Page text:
Haydn Nelson Mass and more from much-missed Richard Hickox

This is an umnissable, beautiful disc


This was part of Chandos Chaconne’s complete Haydn Mass series, and in Blackheath in September 1998.

Richard Hickox was a prolific conductor who recorded principally for Chandos, and he conducts Collegium Musicum 90 (a choir and preiod instrument orchestra – and the makers and dates of al instruments are listed in the booklet). Of the recordings, it seemed a good idea to start with possibly the most famous of the Masses, the so-called Nelsonmesse, also known as the Missa in Augustiis (Mass in Troubled Times). Written in 1798, it is a towering masterpiece, all within the space of less than 40 minutes. As a late Haydn piece it exhibits the full flowering of a Master. The nickname comes from a visit of Nelson to Eisenstadt, this piece was performed.

The arresting Kyrie in a fiery D-Minor is a magnificent explosion of sound, the choral forces in full swing, trumpets and drums blaring and soprano soloist in full flight (click the link to hear this on YouTube).

Talking of soloists we have one of the finest sopranos of her time heading the quartet, Susan Gritton. The soperano part in this work is known to be supremely demanding, and Gritton triumphs, the clarity of her sound matched by the clarity of her pitching. Try the opening of the Quoniam as a good example, or the magnificent Et incarnatus est, or the way her voice emerges as a brilliant ray of light in the Benedictus.

In terms of artistry, she is matched by each and every one of her co-soloists: Pamela Helen Stephen’s creamy yet focused mezzo, Mark Padmore’s flawless tenor and Stephen Varcoe’s firm baritone. The soloists’ interactions in the initial part of the Gloria are magnificent, and Varcoe shines in the Qui tollis (listen out for the choir’s brilliantly hushes Miserere nobis and how Gritton takes over Varcoe’s line at Suscipe, while soprano and mezzo interact beautifully in the later Agnus Dei.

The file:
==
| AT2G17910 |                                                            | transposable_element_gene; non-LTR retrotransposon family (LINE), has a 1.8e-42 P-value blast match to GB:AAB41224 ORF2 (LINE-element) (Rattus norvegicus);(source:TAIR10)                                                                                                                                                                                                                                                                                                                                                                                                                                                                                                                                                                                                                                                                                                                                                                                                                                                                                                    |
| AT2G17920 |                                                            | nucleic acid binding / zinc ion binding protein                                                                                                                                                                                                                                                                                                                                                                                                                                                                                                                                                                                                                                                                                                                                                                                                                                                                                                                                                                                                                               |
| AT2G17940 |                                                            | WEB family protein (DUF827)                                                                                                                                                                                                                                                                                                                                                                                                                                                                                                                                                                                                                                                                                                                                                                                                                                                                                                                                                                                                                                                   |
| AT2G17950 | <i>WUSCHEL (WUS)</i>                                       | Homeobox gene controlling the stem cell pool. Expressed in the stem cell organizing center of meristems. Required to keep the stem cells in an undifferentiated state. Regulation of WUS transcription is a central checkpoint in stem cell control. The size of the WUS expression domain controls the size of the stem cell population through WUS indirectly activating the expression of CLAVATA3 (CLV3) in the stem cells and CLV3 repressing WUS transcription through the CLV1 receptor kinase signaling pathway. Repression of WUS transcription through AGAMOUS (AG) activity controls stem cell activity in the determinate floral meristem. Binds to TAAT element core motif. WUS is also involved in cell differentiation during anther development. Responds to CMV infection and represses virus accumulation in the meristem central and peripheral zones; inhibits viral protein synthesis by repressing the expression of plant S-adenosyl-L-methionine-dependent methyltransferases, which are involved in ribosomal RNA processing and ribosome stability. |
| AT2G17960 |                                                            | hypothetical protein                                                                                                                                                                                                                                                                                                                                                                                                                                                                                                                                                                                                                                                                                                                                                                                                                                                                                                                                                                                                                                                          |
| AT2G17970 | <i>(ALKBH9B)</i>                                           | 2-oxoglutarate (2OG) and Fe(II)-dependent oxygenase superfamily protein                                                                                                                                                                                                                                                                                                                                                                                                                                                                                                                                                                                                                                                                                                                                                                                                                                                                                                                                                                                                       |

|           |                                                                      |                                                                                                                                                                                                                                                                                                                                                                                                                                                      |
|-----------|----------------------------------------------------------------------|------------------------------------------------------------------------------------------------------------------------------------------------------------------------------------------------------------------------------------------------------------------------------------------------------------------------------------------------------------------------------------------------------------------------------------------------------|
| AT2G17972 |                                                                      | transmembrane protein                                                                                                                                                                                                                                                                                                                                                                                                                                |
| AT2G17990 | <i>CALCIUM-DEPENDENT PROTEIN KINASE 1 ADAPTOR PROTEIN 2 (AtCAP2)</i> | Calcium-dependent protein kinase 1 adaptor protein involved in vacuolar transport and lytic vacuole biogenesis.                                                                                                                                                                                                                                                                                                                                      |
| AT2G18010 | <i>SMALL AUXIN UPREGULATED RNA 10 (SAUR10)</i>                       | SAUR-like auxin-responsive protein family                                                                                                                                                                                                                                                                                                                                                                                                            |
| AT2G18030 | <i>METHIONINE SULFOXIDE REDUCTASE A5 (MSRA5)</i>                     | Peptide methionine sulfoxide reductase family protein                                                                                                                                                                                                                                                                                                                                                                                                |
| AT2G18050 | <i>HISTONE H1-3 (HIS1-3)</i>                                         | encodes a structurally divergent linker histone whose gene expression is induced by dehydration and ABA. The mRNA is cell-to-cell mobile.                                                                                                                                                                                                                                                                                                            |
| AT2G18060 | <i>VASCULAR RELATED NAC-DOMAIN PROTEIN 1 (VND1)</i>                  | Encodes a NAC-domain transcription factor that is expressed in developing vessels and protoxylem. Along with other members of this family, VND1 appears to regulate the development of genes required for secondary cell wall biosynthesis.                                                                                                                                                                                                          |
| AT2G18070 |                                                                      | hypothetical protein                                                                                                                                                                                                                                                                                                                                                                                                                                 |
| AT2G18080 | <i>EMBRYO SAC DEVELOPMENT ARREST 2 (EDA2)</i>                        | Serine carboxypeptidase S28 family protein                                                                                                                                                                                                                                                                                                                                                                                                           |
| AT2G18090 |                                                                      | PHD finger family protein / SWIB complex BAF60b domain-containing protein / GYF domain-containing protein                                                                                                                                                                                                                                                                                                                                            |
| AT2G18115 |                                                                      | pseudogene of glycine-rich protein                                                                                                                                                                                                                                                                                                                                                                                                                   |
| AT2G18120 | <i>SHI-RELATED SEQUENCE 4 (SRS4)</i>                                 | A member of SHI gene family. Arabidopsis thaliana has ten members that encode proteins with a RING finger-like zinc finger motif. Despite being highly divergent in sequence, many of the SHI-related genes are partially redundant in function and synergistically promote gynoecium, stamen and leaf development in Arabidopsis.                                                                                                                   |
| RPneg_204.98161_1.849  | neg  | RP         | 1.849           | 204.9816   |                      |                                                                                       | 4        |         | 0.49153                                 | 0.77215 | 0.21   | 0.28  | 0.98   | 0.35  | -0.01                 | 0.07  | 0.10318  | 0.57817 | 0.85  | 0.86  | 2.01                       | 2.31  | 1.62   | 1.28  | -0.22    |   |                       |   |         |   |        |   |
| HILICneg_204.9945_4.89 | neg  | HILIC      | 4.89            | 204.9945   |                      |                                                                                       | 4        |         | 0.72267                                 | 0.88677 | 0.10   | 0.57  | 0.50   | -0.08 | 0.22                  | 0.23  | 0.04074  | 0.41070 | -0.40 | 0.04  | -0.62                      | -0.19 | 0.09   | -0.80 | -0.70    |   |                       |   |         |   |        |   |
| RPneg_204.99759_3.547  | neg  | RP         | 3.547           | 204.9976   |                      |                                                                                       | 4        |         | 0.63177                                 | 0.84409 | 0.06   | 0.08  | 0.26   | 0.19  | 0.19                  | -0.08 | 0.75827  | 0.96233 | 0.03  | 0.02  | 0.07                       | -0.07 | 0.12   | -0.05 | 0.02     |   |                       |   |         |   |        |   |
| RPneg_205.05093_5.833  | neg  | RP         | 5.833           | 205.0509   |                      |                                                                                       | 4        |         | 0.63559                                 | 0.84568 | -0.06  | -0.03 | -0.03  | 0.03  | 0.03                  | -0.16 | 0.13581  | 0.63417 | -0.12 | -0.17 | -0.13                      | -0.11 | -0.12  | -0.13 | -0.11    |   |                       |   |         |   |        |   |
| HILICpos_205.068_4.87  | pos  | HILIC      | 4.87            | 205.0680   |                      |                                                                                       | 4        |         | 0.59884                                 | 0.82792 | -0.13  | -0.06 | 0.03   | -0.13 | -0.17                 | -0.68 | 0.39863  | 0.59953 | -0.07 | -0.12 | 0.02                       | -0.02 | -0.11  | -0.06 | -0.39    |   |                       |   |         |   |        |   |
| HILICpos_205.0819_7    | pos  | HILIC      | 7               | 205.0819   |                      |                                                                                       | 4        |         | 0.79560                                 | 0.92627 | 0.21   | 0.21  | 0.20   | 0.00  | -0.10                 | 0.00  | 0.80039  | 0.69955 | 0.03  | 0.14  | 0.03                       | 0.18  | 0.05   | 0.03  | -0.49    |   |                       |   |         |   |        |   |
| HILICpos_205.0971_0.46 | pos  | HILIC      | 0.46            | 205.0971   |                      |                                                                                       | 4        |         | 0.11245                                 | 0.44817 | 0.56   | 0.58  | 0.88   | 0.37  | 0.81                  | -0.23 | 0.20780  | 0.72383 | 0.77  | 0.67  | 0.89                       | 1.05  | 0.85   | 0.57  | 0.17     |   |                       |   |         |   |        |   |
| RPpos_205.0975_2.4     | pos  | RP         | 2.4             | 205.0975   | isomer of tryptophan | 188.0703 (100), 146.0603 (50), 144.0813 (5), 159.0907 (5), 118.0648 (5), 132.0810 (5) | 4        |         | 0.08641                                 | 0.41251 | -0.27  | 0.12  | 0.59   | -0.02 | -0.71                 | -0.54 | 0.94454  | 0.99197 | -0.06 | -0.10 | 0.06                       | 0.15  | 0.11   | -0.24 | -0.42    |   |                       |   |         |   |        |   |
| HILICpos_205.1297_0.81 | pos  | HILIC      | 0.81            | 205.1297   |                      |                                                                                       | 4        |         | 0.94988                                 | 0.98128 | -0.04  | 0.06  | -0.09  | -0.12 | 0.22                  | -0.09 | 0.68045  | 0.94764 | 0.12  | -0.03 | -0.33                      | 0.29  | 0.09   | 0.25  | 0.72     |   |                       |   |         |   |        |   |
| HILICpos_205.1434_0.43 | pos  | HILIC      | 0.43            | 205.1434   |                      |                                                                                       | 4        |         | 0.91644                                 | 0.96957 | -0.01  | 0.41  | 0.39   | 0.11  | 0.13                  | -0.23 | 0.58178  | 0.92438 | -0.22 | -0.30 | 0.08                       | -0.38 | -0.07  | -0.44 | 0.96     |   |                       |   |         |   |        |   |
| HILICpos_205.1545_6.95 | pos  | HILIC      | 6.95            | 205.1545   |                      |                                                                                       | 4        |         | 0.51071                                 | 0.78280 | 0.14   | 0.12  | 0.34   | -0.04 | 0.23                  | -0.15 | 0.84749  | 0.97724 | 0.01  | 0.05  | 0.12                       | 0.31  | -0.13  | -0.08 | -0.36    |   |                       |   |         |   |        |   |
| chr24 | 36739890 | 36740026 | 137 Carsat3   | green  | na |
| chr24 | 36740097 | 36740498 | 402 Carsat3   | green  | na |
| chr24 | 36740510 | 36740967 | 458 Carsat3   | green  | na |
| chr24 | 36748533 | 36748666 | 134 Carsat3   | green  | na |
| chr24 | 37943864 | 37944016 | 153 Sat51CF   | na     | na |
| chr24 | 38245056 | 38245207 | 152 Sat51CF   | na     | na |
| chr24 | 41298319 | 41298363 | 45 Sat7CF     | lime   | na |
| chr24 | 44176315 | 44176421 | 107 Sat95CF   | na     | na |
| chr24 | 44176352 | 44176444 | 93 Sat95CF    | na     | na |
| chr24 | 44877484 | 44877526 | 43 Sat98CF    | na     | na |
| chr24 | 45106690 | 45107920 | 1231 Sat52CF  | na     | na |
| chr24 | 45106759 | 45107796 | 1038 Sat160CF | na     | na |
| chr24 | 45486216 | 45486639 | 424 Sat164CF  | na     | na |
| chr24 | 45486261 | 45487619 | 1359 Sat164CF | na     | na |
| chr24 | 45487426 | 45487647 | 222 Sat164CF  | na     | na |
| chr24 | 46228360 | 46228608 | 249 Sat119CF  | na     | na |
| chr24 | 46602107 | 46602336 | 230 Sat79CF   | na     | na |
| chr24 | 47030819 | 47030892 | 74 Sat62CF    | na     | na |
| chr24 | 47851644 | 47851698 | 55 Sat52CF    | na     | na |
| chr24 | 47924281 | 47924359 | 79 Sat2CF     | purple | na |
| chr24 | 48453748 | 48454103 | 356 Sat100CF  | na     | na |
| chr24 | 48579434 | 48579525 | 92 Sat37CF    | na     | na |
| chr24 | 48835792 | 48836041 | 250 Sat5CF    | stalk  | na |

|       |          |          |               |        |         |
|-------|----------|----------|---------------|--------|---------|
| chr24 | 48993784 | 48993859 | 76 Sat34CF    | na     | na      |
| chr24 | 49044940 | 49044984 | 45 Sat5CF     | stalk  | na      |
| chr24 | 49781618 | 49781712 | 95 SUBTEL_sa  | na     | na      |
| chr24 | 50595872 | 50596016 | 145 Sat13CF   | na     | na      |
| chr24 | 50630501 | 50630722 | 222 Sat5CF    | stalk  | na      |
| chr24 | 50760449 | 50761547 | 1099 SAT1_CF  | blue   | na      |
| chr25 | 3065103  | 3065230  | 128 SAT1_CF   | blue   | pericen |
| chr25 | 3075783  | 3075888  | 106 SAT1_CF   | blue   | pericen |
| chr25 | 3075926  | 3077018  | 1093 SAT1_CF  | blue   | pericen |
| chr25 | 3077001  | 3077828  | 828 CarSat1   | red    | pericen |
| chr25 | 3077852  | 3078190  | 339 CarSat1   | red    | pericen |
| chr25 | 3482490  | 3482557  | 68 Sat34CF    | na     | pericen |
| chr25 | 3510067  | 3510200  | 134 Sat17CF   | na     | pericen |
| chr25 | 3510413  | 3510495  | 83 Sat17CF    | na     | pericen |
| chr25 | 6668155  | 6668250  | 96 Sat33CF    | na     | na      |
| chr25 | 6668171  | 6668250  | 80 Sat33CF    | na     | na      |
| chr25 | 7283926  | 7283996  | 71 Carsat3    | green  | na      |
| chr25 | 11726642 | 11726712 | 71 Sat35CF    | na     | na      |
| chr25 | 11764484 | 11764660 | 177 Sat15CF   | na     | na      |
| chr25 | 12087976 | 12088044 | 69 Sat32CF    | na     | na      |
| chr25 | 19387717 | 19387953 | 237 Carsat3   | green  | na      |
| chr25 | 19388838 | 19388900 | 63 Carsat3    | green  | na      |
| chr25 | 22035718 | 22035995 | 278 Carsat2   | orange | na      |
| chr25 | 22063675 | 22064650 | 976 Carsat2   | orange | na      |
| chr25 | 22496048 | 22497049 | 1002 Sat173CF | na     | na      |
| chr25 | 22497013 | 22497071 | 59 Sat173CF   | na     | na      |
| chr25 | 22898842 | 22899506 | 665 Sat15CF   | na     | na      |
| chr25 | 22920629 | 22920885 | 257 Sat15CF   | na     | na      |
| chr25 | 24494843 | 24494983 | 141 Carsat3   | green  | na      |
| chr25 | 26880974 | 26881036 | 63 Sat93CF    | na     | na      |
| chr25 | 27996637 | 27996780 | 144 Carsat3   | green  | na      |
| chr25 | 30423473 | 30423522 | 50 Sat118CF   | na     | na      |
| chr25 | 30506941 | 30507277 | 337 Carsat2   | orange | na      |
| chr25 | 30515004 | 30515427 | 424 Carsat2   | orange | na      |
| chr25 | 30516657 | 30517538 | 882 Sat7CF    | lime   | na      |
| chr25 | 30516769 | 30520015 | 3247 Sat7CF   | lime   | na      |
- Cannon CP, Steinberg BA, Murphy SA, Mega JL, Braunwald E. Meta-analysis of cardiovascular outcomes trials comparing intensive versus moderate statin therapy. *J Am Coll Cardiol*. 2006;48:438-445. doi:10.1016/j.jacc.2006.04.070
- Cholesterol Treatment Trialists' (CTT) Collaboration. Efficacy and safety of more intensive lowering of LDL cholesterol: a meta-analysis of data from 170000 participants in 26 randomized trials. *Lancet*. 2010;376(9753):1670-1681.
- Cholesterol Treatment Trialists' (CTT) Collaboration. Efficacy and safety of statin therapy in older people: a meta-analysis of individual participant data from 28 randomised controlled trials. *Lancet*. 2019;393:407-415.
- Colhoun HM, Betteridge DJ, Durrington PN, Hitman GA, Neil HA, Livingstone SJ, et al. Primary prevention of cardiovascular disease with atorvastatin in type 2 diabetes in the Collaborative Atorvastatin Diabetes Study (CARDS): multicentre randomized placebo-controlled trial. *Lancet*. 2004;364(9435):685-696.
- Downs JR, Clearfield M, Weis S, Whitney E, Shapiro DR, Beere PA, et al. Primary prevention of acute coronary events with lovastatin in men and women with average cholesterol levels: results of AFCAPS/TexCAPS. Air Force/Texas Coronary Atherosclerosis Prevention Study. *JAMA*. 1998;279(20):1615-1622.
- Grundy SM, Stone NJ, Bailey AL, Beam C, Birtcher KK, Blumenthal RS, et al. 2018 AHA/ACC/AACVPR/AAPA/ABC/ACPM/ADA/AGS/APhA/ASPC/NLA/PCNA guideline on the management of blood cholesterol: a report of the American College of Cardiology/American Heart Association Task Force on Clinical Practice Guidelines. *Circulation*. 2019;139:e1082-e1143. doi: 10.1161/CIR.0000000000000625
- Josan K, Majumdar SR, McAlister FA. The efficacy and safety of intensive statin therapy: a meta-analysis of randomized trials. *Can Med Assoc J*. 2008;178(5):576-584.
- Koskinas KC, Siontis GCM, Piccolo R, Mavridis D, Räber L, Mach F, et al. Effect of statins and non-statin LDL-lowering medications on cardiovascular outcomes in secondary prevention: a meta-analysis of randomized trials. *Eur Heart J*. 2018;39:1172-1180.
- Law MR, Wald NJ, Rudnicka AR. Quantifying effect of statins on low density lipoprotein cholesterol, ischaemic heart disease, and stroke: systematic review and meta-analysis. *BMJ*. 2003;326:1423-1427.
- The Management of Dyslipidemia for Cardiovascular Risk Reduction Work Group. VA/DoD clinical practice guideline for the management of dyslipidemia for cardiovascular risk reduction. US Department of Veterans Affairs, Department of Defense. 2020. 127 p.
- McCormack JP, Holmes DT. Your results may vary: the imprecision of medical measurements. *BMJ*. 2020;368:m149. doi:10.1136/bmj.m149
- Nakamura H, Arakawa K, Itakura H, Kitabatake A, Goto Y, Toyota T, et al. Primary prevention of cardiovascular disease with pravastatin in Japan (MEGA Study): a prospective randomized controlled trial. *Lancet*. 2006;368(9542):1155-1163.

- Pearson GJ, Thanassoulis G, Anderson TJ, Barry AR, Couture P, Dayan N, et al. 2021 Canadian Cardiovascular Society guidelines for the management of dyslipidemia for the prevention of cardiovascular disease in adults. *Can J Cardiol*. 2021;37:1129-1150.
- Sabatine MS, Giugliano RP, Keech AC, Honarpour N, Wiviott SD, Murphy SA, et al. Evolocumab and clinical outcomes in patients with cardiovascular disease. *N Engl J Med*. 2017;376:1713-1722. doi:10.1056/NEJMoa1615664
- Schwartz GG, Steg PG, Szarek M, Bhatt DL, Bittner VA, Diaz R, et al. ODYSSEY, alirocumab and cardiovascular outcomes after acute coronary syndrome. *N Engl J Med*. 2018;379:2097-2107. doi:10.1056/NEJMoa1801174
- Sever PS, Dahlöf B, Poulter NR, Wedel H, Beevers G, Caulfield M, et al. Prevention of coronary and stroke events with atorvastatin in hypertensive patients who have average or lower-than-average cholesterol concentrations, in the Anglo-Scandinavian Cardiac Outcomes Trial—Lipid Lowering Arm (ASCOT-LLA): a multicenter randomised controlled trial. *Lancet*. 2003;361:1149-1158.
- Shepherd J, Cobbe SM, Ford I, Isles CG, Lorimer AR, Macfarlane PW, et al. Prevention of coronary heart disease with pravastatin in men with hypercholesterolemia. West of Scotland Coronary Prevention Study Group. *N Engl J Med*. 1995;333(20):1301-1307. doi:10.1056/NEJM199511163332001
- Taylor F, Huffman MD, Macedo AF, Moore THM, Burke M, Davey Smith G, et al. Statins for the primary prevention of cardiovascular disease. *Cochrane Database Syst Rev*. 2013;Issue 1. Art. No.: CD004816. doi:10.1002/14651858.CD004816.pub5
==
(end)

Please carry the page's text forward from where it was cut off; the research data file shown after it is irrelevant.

The sense of choral discipline is immense, especially in the canons of the opening of the Credo or in the rhythmic delivery on one note  in Et resurrexit. But it is the pure delivery of the chordal opening of the Sanctius that is probably most impressive, with superbly judged hairpins – the success of the very end of the work, now in a blazing D-Major, is supremely judged, too (listen to those cheeky violins and the almost as cheeky choral ripostes).

You can hear this performance complete here on YouTube (movement timings are given in a comment below so you can hear the relevant passages mentioned above).

There are two fillers. Firstly, the Ave Regina in A, which you can hear via this YouTube link. A much earlier work, it is charming and offers a wonderful platform for Gritton’s voice, especially in its extended melismas. The Ave Regina may come from the mid-1750s, but little is known about its circumstances. Scored for solo soprano, chorus, strings and organ, Haydn’s lines have a sort of gallant quality to them. There is one aspect of this performance that is notworthy – Gritton’s vocal trill is superb. Vocal trills can often appear indistinct or approximate, but it is as tightly controlled as the rest of her performance. There is even a vocal cadenza, while the choir excels in the final section, ‘Valde, O valde’ (Farewell, O farewell). Griton’s final igh note is worth the price of the disc in itself.

Finally, the Missa brevis in F, which was potentially Haydn’s first Mass setting, composed in his late teens. There are two solo soprano parts, and Stephen takes the second. Again you can hear this performance at this YouTube link. The Kyrie could hardly me more different from that of the Nelsonmesse: two solo voices who sound like they are playfully chasing each other with the slightly more serious choir reminding ius this is, after all, sacred music. The whole piece only lasts 12″27, and the movements have many breezy elements, extended melismatic Amens  (the end of the Gloria), with understandably the Crucifixus bringing a bit of a dip.; the two sopranos in the Benedictus represent beauty itself, however. The choir of Collegium Musicum 90 is extraordinary in the opening of the final Agnus Dei before the soloists bring in light and life. A fabulous piece in a world-beating performance.

An absolute snip at £7 on Amazon right now, this is an umnissable, beautiful disc.

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